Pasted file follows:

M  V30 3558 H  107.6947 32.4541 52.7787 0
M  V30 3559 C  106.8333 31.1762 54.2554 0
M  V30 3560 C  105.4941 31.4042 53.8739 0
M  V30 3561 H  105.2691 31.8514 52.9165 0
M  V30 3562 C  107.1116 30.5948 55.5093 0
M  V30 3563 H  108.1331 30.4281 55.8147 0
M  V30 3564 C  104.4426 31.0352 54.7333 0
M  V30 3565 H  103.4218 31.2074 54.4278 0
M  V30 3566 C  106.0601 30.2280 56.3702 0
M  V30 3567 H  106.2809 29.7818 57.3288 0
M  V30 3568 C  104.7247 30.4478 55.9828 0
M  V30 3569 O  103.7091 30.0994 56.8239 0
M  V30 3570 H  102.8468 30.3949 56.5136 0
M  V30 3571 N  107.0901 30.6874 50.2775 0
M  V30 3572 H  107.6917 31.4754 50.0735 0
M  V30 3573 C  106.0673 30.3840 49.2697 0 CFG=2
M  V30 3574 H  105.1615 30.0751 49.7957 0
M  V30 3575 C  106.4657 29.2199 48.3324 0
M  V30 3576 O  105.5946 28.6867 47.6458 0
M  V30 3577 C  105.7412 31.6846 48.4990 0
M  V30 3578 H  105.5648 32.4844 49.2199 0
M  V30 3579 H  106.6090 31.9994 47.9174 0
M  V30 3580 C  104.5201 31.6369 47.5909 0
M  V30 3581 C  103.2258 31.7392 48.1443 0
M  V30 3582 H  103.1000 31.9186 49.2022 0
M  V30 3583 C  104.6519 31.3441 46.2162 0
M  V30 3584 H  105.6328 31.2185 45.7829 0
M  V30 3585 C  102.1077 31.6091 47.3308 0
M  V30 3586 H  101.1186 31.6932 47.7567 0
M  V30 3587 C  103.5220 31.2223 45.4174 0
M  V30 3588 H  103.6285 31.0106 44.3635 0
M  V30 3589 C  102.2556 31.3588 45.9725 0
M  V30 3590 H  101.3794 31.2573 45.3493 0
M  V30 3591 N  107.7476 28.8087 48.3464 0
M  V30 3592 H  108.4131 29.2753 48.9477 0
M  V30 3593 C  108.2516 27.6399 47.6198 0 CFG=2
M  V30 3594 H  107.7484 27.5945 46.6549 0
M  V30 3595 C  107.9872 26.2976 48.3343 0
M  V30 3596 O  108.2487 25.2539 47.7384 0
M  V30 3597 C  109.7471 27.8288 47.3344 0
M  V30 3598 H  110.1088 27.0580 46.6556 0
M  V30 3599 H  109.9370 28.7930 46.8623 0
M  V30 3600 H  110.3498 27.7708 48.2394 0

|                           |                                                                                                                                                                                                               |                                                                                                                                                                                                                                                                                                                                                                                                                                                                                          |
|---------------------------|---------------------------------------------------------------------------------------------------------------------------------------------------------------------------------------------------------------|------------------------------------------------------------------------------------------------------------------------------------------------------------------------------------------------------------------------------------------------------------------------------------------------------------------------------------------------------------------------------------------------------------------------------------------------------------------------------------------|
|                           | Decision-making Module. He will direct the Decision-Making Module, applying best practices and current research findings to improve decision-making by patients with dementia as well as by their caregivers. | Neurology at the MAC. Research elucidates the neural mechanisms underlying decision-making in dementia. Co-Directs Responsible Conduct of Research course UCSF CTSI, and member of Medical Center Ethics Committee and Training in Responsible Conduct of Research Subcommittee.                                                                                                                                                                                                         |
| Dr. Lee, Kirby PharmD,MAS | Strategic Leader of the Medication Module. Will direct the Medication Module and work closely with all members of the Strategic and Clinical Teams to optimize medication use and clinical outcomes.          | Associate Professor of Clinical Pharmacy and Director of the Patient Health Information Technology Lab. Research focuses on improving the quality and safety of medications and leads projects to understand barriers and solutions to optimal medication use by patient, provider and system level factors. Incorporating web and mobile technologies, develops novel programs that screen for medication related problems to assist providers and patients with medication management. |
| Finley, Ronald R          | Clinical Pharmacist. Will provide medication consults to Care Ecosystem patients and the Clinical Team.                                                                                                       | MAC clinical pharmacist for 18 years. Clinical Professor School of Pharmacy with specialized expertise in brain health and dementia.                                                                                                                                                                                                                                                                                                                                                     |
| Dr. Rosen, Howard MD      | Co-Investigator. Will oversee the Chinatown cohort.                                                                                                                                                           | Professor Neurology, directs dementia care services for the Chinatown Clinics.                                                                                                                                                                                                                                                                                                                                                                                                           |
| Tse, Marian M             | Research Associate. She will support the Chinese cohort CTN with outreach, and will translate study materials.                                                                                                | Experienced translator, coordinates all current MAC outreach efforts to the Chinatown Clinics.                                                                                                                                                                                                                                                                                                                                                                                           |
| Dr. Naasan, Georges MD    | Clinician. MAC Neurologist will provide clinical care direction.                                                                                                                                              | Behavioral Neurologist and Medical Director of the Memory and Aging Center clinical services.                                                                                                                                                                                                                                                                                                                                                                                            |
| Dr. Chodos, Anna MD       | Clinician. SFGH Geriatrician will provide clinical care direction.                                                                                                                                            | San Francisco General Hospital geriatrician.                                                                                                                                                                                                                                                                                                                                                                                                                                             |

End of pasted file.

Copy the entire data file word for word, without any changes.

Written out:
M  V30 3558 H  107.6947 32.4541 52.7787 0
M  V30 3559 C  106.8333 31.1762 54.2554 0
M  V30 3560 C  105.4941 31.4042 53.8739 0
M  V30 3561 H  105.2691 31.8514 52.9165 0
M  V30 3562 C  107.1116 30.5948 55.5093 0
M  V30 3563 H  108.1331 30.4281 55.8147 0
M  V30 3564 C  104.4426 31.0352 54.7333 0
M  V30 3565 H  103.4218 31.2074 54.4278 0
M  V30 3566 C  106.0601 30.2280 56.3702 0
M  V30 3567 H  106.2809 29.7818 57.3288 0
M  V30 3568 C  104.7247 30.4478 55.9828 0
M  V30 3569 O  103.7091 30.0994 56.8239 0
M  V30 3570 H  102.8468 30.3949 56.5136 0
M  V30 3571 N  107.0901 30.6874 50.2775 0
M  V30 3572 H  107.6917 31.4754 50.0735 0
M  V30 3573 C  106.0673 30.3840 49.2697 0 CFG=2
M  V30 3574 H  105.1615 30.0751 49.7957 0
M  V30 3575 C  106.4657 29.2199 48.3324 0
M  V30 3576 O  105.5946 28.6867 47.6458 0
M  V30 3577 C  105.7412 31.6846 48.4990 0
M  V30 3578 H  105.5648 32.4844 49.2199 0
M  V30 3579 H  106.6090 31.9994 47.9174 0
M  V30 3580 C  104.5201 31.6369 47.5909 0
M  V30 3581 C  103.2258 31.7392 48.1443 0
M  V30 3582 H  103.1000 31.9186 49.2022 0
M  V30 3583 C  104.6519 31.3441 46.2162 0
M  V30 3584 H  105.6328 31.2185 45.7829 0
M  V30 3585 C  102.1077 31.6091 47.3308 0
M  V30 3586 H  101.1186 31.6932 47.7567 0
M  V30 3587 C  103.5220 31.2223 45.4174 0
M  V30 3588 H  103.6285 31.0106 44.3635 0
M  V30 3589 C  102.2556 31.3588 45.9725 0
M  V30 3590 H  101.3794 31.2573 45.3493 0
M  V30 3591 N  107.7476 28.8087 48.3464 0
M  V30 3592 H  108.4131 29.2753 48.9477 0
M  V30 3593 C  108.2516 27.6399 47.6198 0 CFG=2
M  V30 3594 H  107.7484 27.5945 46.6549 0
M  V30 3595 C  107.9872 26.2976 48.3343 0
M  V30 3596 O  108.2487 25.2539 47.7384 0
M  V30 3597 C  109.7471 27.8288 47.3344 0
M  V30 3598 H  110.1088 27.0580 46.6556 0
M  V30 3599 H  109.9370 28.7930 46.8623 0
M  V30 3600 H  110.3498 27.7708 48.2394 0

|                           |                                                                                                                                                                                                               |                                                                                                                                                                                                                                                                                                                                                                                                                                                                                          |
|---------------------------|---------------------------------------------------------------------------------------------------------------------------------------------------------------------------------------------------------------|------------------------------------------------------------------------------------------------------------------------------------------------------------------------------------------------------------------------------------------------------------------------------------------------------------------------------------------------------------------------------------------------------------------------------------------------------------------------------------------|
|                           | Decision-making Module. He will direct the Decision-Making Module, applying best practices and current research findings to improve decision-making by patients with dementia as well as by their caregivers. | Neurology at the MAC. Research elucidates the neural mechanisms underlying decision-making in dementia. Co-Directs Responsible Conduct of Research course UCSF CTSI, and member of Medical Center Ethics Committee and Training in Responsible Conduct of Research Subcommittee.                                                                                                                                                                                                         |
| Dr. Lee, Kirby PharmD,MAS | Strategic Leader of the Medication Module. Will direct the Medication Module and work closely with all members of the Strategic and Clinical Teams to optimize medication use and clinical outcomes.          | Associate Professor of Clinical Pharmacy and Director of the Patient Health Information Technology Lab. Research focuses on improving the quality and safety of medications and leads projects to understand barriers and solutions to optimal medication use by patient, provider and system level factors. Incorporating web and mobile technologies, develops novel programs that screen for medication related problems to assist providers and patients with medication management. |
| Finley, Ronald R          | Clinical Pharmacist. Will provide medication consults to Care Ecosystem patients and the Clinical Team.                                                                                                       | MAC clinical pharmacist for 18 years. Clinical Professor School of Pharmacy with specialized expertise in brain health and dementia.                                                                                                                                                                                                                                                                                                                                                     |
| Dr. Rosen, Howard MD      | Co-Investigator. Will oversee the Chinatown cohort.                                                                                                                                                           | Professor Neurology, directs dementia care services for the Chinatown Clinics.                                                                                                                                                                                                                                                                                                                                                                                                           |
| Tse, Marian M             | Research Associate. She will support the Chinese cohort CTN with outreach, and will translate study materials.                                                                                                | Experienced translator, coordinates all current MAC outreach efforts to the Chinatown Clinics.                                                                                                                                                                                                                                                                                                                                                                                           |
| Dr. Naasan, Georges MD    | Clinician. MAC Neurologist will provide clinical care direction.                                                                                                                                              | Behavioral Neurologist and Medical Director of the Memory and Aging Center clinical services.                                                                                                                                                                                                                                                                                                                                                                                            |
| Dr. Chodos, Anna MD       | Clinician. SFGH Geriatrician will provide clinical care direction.                                                                                                                                            | San Francisco General Hospital geriatrician.                                                                                                                                                                                                                                                                                                                                                                                                                                             |